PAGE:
Eddie Vedder on Looking Back and Moving Forward

Also: 'American Idol' Scott McCreery answers your questions, Gary Busey's crazy chat with Peter Travers and more

June 3, 2011 5:10 PM ET
Eddie Vedder on Looking Back and Moving Forward

In the latest issue of Rolling Stone, on stands and in the digital archive now, Pearl Jam frontman Eddie Vedder opens up to Brian Hiatt about his band's 20th anniversary and his lovely new solo album Ukulele Songs. Vedder tells Hiatt that he's happy to honor Pearl Jam's history, but is eager to move forward with new music. "Being nostalgic is like taking an offramp and getting a sandwich – and then you get back on the highway," he says. "I don't want to be spending the rest of my life at the gas station."

Photos: Buffalo Springfield Kick Off Their Reunion Tour

Rolling Stone also chatted with Robbie Robertson about his new collector's set and forthcoming memoir, talked to the Cars about their first album in 24 years, honored the late, great Gil Scott-Heron, previewed a portion of David Browne's new book Fire and Rain: The Beatles, Simon & Garfunkel, James Taylor, CSNY and the Lost Story of 1970 and reviewed Death Cab for Cutie's concert in Manhattan.

Hottest Live Photos of the Week

Plus, American Idol winners Scott McCreery and Lauren Alaina answered your questions, chillwave pioneer Toro Y Moi performed a brief acoustic set at our office, pop-wise scuzz rockers JEFF the Brotherhood were named our latest Band to Watch, we analyzed this week's pop charts, looked back on this week in rock history and, as always, we reviewed all the week's biggest new releases.

Peter Travers' Dozen Must-See Summer Movies

On the pop culture front, Peter Travers had a fascinating chat with the unhinged actor Gary Busey about his recent run on Celebrity Apprentice, a particularly gruesome scene in his forthcoming movie Pirahna 3DD and his history of drug abuse. He also reviewed Mike Mills' excellent new drama Beginners and X-Men: First Class, which he says is "a primal blast of a prequel, a potent reminder of what jazzed us about Bryan Singer's first two X-Men and the Marvel comics that spawned them." Also, Mallika Rao recapped the latest episode of NBC's hot singing competition The Voice and determined that judge Adam Levine's team of singers was the best on the show.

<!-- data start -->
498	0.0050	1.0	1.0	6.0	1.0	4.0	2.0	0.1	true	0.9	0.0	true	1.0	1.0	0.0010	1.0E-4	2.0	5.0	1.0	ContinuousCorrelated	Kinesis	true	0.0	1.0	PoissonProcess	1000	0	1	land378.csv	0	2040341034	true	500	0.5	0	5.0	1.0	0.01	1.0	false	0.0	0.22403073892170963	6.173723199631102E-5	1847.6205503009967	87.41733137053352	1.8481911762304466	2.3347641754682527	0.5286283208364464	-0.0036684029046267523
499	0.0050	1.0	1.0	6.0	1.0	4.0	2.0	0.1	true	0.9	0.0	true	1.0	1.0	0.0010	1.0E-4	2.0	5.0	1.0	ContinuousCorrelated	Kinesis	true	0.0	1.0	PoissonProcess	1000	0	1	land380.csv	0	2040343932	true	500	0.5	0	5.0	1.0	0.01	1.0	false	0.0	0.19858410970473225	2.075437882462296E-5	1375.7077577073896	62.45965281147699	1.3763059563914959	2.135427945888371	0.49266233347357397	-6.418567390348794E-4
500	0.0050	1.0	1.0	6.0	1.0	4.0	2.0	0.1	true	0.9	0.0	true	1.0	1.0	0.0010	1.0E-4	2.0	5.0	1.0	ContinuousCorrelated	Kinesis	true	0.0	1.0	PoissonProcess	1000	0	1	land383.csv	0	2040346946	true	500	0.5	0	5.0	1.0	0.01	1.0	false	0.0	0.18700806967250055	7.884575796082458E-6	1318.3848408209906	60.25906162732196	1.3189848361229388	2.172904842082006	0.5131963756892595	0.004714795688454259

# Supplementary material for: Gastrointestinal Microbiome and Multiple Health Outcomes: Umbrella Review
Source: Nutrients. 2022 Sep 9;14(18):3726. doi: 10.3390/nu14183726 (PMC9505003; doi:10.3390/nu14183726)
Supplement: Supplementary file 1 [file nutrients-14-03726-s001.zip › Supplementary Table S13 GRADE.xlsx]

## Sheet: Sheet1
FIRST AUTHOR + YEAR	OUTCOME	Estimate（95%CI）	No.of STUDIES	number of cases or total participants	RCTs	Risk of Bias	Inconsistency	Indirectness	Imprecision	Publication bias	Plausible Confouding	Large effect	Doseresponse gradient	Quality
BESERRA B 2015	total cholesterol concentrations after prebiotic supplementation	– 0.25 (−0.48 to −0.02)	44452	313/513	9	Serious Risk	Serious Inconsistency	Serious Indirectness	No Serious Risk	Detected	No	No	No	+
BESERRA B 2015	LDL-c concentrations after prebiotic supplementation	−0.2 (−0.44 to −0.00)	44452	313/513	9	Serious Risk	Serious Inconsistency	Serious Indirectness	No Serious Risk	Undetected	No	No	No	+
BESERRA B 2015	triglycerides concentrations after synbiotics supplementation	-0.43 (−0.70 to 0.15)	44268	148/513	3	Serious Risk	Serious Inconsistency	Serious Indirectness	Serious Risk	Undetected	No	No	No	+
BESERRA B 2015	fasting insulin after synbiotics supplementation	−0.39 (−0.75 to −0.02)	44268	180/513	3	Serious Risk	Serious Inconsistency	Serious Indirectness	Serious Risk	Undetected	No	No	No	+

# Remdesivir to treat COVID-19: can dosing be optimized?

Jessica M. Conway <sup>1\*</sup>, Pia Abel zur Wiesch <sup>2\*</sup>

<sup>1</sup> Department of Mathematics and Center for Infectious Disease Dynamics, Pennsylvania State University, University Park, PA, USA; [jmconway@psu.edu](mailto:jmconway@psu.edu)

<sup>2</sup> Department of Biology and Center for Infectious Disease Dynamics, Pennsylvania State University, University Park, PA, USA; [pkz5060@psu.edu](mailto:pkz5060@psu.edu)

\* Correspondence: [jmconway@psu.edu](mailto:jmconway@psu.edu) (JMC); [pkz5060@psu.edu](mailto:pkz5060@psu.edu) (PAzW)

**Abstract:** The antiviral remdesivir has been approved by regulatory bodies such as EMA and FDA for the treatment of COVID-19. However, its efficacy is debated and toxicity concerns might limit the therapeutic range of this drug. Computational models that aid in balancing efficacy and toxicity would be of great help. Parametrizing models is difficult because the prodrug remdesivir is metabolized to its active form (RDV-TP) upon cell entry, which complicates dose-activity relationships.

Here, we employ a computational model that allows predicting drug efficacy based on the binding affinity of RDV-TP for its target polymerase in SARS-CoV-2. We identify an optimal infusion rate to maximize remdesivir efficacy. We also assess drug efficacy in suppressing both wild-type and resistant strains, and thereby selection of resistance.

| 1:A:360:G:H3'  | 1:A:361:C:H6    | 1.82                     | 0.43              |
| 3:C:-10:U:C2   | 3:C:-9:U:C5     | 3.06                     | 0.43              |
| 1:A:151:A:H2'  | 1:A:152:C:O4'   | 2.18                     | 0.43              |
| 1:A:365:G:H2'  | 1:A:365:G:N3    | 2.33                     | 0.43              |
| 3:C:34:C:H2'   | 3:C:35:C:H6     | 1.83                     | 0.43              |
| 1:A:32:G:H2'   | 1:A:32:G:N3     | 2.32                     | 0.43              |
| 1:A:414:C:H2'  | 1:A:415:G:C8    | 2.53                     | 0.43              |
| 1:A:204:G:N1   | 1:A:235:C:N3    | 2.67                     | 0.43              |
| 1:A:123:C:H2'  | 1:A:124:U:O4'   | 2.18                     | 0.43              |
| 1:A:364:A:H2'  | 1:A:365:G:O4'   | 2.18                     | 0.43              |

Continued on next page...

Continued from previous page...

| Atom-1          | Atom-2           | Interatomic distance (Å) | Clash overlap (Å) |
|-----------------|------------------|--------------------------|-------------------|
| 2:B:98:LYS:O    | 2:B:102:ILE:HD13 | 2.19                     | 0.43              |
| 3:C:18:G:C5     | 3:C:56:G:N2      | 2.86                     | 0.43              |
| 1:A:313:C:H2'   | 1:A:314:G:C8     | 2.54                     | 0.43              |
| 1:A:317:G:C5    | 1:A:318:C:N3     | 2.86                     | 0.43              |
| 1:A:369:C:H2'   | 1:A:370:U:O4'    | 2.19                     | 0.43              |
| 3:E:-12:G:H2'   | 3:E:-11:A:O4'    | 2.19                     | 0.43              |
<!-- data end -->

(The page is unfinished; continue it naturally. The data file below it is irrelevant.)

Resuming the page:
Photos: Sasquatch Festival 2011

The final round of the Choose the Cover of Rolling Stone contest is under way! After over half a million votes were cast online, the 16 acts vying for the cover of Rolling Stone – as well as an Atlantic Records contract – have been narrowed down to two finalists: Canadian boogie rockers the Sheepdogs and Los Angeles singer-songwriter Lelia Broussard. If you're not already familiar with the bands, you can check out videos, free downloads and interviews, or catch them when they play an epic battle of the bands at the Bonnaroo festival on Saturday, June 11th. Vote for your favorite now!

Photos: Random Notes

We also posted a gallery of your Top 10 favorite summer jams of all time, as determined by your votes on Facebook and Twitter. Our question for you this weekend is: What is the best Neil Young song of all time? You can answer on our website, on facebook.com/rollingstone or on Twitter with the #weekendrock hashtag.

LAST WEEK: Rolling Stone's Wild Week With Lady Gaga

To read the new issue of Rolling Stone online, plus the entire RS archive: Click Here

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Song Stories

“American Girl”

Tom Petty and the Heartbreakers | 1976

It turns out that a single with "American" in its title--recorded on the Fourth of July during the nation's Bicentennial, no less--can actually sell better in Britain. Coupled with the Heartbreakers' flair for Byrds jangle and Animals hooks, though, is Tom Petty's native-Florida drawl that keeps this classic grounded at home. Petty dispelled rumors that the song was about a suicidal student, explaining that the inspiration came from when he was 25 and used to salute the highway traffic outside his apartment window. "It sounded like the ocean to me," he recalled. "That was my ocean. My Malibu. Where I heard the waves crash, but it was just the cars going by."

More Song Stories entries »